“Fencing and books – two of my favourite things together in one picture”. The comments to our Instagram celebration of world book day back in April suggest that we’re not the only ones to enjoy a good read from time to time. All the better, if it’s fencing-themed. So what could we do better than to share our finds and have the books available on our website reviewed by fencers, from international top athletes to fencers more like you and me? We start with a review by our Instagram girl and epee fencer Johanna (who definitely belongs into the latter category 😉 ) .
“Need. Them. All.” That was my reaction when I discovered the book section on the Leon Paul website. What can I say: I’ve been drawn to letters and pictures printed on paper since I was little (my mum always told me the very first word I ever said was ‘book’) and, as much as I enjoy the company of fictional characters, from Alice in Wonderland to Zorro, getting some theoretical background on my sports has always been part of my life as a diehard bookworm. I even have to admit that, eagerly searching for every bit of information about my new favourite hobby, I raided the sports section of my local library when I took up fencing. (In my defence: I was already in my twenties at the time, and at this age you probably enjoy working with theories and scientific studies a little bit more than a ten year old!)
Having asserted why I got carried away in front of all the new supply to my bibliophilia sold by Leon Paul, let’s get to the one book in particular I’d like to talk to you about: among all the manuals and biographies (including world class fencer and coach Sergei Golubitsky, whom one of the Leon Paul foil blades is named after) available, there was one publication I felt particularly attracted to, both due to its title and the attention-grabbing image of a jump-attack on its cover. “Epeefencing. A step-by-step-guide to achieving Olympic gold” sounded a tad too ambitious for me (after all, I was just another adult trying to learn fencing), but the addition “without any guarantee you’ll get anywhere near it” somehow seemed to suggest that it be an enjoyable read for the average (fencing) Joe after all.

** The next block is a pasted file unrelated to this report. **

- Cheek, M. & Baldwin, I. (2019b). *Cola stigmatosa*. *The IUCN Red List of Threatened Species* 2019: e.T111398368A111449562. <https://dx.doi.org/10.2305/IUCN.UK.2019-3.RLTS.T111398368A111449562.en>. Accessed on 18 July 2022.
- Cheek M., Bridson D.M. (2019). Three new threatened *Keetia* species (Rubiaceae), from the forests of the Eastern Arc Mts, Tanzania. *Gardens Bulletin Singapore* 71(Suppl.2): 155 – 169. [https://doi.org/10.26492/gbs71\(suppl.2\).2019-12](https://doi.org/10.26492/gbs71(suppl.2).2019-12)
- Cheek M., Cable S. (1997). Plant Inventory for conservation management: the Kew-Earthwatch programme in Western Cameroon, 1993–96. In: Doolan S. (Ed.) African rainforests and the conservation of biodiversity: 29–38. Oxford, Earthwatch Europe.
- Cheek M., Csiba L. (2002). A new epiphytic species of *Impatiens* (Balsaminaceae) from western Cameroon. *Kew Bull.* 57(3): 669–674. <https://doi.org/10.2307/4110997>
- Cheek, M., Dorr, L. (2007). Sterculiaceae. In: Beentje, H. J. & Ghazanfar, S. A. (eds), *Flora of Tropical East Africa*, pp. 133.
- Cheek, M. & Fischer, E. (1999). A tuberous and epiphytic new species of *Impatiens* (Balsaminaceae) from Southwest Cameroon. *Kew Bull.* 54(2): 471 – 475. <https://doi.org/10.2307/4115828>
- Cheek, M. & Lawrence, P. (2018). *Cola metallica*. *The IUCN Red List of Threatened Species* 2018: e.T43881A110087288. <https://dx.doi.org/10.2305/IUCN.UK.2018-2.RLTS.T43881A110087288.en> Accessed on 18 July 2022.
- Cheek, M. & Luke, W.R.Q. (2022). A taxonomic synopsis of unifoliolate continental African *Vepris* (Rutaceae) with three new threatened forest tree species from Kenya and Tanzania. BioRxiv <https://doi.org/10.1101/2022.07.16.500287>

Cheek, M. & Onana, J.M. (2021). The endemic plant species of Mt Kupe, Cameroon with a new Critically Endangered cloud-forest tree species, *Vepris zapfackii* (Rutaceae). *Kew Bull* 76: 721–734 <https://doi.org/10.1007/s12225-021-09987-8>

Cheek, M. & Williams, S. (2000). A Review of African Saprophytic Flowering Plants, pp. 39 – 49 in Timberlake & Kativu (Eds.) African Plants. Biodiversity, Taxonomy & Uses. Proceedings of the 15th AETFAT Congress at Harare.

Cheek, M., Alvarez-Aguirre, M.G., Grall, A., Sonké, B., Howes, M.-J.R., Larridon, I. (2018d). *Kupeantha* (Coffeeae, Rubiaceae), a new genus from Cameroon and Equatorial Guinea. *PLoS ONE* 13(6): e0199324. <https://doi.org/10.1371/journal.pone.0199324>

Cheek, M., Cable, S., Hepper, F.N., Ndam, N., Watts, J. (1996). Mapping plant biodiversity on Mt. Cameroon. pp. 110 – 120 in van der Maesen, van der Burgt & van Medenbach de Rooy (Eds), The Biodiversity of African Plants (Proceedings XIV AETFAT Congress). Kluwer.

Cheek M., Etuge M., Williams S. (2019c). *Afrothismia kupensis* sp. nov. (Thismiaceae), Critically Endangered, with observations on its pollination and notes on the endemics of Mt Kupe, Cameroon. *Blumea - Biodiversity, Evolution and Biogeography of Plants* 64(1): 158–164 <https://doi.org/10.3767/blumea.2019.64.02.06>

As it turned out, my gut feeling was right, not only regarding the intended audience (more on that later), but also about the book being a great catch in general. (So, sometimes you just CAN judge a book by its cover 😉 ). As a matter of fact, it has secured a fixed place both in my heart and my fencing bag (since it’s flexible and very light, weighing just over 500g, it’s the perfect after-practice read on the train home), and I am pretty sure that even if it had been available in my local library, I would have purchased it sooner or later, just to call it my own. Why? The short answer to this question is: because it’s a fencing book that differs from any other I’ve seen so far. And I dare say, between the aforementioned library and books
pinched borrowed from my fencing coaches, I’ve seen a few, in various languages.
If you’re in for the long version why this book is so different, stay with me now 😉
Format and presentation
The first thing that is different about this book is the presentation: it comes across more as a magazine than a book. Many high quality photographs – not for nothing, Augusto Bizzi, who nowadays is the official eye of the FIE, is mentioned in the picture credits – on glossy paper almost give it the look and feel of a fashion monthly (I guess that’s the shoeaholic in me talking). The fact that it’s not a hardcover but an approximately DIN A4 shaped softback adds to that impression, as do the frequent coloured graphics and highlighted quotes and text parts.